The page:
WASHINGTON, D.C. — Farm labor costs will rise by more than 10% in 2013, according to economic projections from the U.S. Department of Agriculture.

Rising faster than any farm input cost except rent, U.S. farm labor costs will increase an estimated 10.8% in fiscal year 2013, Kevin Patrick, agricultural economist with the USDA’s Economic Research Service, said in a Feb. 21 presentation at the USDA’s 2013 Agricultural Outlook Forum.

The uptick in labor costs will result from a projected 2.3% increase in wage rates and an expected 7.6% rise in total output for labor-intensive crops like fruits, vegetables, nuts and nursery products, according to USDA projections.

In other farm income projections, Patrick said the value of potato production in fiscal year 2013 (Oct. 2012-Sept. 2013) will decline 5.6%, as declines in both quantity sold and end-of-year stocks will more than offset a predicted increase in price.

The forecasted 4.4% increase for cash receipts for vegetables (except potatoes) in 2013 reflects higher expected prices and an increase in quantity sold of fresh vegetables, according to the USDA. Despite larger sales of apples and some stone fruit, expected declines in volumes for avocados, sweet cherries, and almonds factor in a forecast 7.2% decline in cash receipts for fruits and tree nuts in 2013, according to the USDA.

The total value of U.S. fruits and nuts sold in fiscal year 2013 is forecast at $23.6 billion, down from $25.4 billion in 2012 and off from $24.3 billion in 2011. Meanwhile, the USDA projects the value of U.S. vegetables and melons at $20.6 billion, up slightly from $20.3 billion in 2012 but down a notch from $20.9 billion in 2011.

Net farm income from all crops in the U.S. is forecast to rise 13.6% to $128.2 billion in 2013, which the USDA said is the highest inflation adjusted total since 1973. A return to average trend yields for grains is forecast to generate record crop production levels and substantial year-end crop inventories. Meanwhile, the USDA forecasts livestock production will edge 3.5% higher, with the forecast built on expectations of price increases.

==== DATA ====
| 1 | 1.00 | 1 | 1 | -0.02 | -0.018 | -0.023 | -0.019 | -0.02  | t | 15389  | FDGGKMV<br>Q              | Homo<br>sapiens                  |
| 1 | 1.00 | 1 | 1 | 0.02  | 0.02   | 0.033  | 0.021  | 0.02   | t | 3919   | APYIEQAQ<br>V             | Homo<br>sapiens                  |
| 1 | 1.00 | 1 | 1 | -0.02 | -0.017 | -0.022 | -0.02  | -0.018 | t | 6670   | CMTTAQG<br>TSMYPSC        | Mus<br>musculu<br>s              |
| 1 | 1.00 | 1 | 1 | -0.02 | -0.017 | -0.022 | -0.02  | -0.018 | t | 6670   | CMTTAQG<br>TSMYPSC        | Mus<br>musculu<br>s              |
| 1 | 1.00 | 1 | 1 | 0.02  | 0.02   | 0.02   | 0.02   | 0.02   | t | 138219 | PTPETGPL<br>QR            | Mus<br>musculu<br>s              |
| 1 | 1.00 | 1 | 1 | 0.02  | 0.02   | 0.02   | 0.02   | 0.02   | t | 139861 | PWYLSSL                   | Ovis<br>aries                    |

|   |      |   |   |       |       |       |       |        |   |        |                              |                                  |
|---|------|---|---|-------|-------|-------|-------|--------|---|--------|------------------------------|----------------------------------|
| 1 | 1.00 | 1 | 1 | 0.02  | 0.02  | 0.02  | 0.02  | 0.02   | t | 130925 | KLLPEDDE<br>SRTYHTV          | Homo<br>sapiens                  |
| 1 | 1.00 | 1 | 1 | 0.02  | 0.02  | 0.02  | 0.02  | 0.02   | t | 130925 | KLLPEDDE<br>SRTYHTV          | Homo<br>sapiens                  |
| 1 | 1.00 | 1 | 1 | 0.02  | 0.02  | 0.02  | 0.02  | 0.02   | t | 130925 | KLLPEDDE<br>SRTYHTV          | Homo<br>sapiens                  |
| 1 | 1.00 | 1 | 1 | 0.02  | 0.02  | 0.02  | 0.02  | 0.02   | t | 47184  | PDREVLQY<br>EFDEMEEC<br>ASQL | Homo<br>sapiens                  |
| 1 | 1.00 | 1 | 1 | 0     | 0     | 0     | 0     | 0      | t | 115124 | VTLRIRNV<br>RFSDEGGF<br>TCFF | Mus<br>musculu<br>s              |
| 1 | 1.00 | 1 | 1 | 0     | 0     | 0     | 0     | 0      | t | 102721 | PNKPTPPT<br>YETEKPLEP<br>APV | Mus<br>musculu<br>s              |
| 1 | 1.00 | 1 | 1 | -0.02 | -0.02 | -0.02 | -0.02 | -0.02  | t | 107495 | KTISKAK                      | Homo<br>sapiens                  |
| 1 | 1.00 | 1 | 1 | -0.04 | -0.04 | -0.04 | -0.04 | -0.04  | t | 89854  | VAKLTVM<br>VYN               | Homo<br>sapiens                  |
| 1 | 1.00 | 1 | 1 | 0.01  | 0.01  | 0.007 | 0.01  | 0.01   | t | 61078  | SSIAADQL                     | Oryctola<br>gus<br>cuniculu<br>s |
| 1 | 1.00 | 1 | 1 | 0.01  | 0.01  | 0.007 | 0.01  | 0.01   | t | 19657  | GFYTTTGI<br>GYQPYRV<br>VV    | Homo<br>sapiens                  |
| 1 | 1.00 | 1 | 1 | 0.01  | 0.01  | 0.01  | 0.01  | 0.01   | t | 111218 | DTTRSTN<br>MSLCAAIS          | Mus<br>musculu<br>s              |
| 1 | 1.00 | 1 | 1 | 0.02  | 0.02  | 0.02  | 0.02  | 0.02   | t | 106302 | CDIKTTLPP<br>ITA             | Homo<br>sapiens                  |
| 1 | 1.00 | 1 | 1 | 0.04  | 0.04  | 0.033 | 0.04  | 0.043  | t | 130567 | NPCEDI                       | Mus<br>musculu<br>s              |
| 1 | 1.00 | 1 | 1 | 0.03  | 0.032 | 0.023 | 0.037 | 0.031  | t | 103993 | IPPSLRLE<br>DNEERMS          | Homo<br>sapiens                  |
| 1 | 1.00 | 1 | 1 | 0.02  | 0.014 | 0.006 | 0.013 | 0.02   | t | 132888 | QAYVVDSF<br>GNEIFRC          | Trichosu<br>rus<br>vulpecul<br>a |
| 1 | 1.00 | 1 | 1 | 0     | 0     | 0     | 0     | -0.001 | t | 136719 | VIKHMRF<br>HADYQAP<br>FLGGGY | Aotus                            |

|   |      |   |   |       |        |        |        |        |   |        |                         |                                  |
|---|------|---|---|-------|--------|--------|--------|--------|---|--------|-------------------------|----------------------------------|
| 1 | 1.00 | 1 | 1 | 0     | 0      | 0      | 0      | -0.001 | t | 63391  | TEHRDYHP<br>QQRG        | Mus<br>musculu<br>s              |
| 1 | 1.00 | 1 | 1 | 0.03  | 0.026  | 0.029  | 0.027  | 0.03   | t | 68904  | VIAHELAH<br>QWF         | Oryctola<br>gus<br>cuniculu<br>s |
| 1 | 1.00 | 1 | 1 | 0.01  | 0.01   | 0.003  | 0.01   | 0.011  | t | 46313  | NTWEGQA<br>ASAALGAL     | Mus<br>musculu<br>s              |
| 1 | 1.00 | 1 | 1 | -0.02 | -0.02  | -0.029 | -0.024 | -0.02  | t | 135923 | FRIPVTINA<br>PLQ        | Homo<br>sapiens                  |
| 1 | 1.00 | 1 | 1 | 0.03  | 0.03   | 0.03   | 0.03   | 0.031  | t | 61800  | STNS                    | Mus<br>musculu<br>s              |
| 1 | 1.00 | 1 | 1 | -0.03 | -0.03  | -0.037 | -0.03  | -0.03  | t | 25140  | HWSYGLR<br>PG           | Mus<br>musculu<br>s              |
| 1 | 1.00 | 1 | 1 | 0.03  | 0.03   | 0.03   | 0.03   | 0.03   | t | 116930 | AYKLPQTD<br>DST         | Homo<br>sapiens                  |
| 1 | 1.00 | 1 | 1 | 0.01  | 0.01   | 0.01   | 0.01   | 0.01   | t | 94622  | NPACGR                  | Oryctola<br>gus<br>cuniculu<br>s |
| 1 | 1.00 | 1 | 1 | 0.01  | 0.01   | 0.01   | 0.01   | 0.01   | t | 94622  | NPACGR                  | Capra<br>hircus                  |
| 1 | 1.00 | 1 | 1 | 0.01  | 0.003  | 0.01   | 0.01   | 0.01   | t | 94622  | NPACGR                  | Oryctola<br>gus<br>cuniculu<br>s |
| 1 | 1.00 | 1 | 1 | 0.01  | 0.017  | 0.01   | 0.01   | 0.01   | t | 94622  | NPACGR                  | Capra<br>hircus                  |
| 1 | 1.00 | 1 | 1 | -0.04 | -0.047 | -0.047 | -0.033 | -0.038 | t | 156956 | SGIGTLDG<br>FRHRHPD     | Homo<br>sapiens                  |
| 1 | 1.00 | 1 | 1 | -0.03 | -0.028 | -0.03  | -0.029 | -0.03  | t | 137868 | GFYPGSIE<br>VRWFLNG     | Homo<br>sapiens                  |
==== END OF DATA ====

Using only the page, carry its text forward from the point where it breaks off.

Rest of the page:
Terry Barr, senior director of industry research for CoBank, Greenwood Village, Colo., said in his presentation that agricultural exporters could be faced with negative consequences from subdued growth and fiscal austerity in the global economy. Generally speaking, Barr said that USDA farm income projections reflect too little volatility.

Barr said the world’s emerging markets will continue to look to the U.S. for farm commodities. China and India will account for 70% of the world’s increase in the middle class through 2030, and the strength of those economies will dictate much of the export strength of the U.S., he said. Because of recent strength in grain prices, Barr said U.S. specialty crop producers won’t likely see much acreage moving out of crops like corn and soybeans and into fruits and vegetables.


Cash Receipts: US crops ($billions)

Year                   Fruits and nuts                       Vegetables and melons

2009                        19.3                                             20.5

2010                        21.8                                             20.1

2011                        24.2                                             20.9

2012(f)                    25.4                                              20.3

2013(f)                    23.6                                              20.6

Source: USDA

(f) forecast